eWorkPlace was a state-sponsored, multi-year initiative that helped Twin Cities-area businesses foster teleworking. Several of the resources that were available through eWorkPlace are now housed on the TPEC website:

The initial goal of eWorkPlace was to promote telecommuting as a way to reduce greenhouse gas emissions and traffic congestion (see related article). TPEC researcher Adeel Lari evaluated eWorkPlace and summarized the outcomes and lessons learned in a final report. Since then, COVID-19 has renewed overall interest in teleworking and made the findings from the initiative even more relevant.

COVID-19 Analysis and Impacts

TPEC researcher Adeel Lari is monitoring the telecommuting impacts of the pandemic. He presented updates at the CTS Research Conference in November 2020 and in a special webinar—Remote Work and Transportation: Fad or Future?—in June 2021.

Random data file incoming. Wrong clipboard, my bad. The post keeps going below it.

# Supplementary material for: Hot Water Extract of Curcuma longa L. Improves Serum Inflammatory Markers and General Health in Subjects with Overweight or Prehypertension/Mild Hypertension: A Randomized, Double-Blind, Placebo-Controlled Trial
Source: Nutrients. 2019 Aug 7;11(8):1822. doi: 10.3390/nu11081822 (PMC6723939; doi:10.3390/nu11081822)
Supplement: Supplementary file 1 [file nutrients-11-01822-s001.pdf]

The main challenge with telecommuting, Lari says, is that it is not equally available to everyone. Some jobs—such as those in retail, construction, and hotels—are impossible to do online. These jobs also tend to be the ones held by the 25 percent of the nation’s workforce with the lowest incomes. There are also telecommuting disparities by gender, race, and educational attainment.

In a “new normal” with more remote work, strategies may be needed to overcome the impacts on women, minority communities, and those with low incomes. “We need to understand the work-from-home future and try to fully meet the transportation needs of all our users,” Lari says.

Asian woman with coffee mug using laptop

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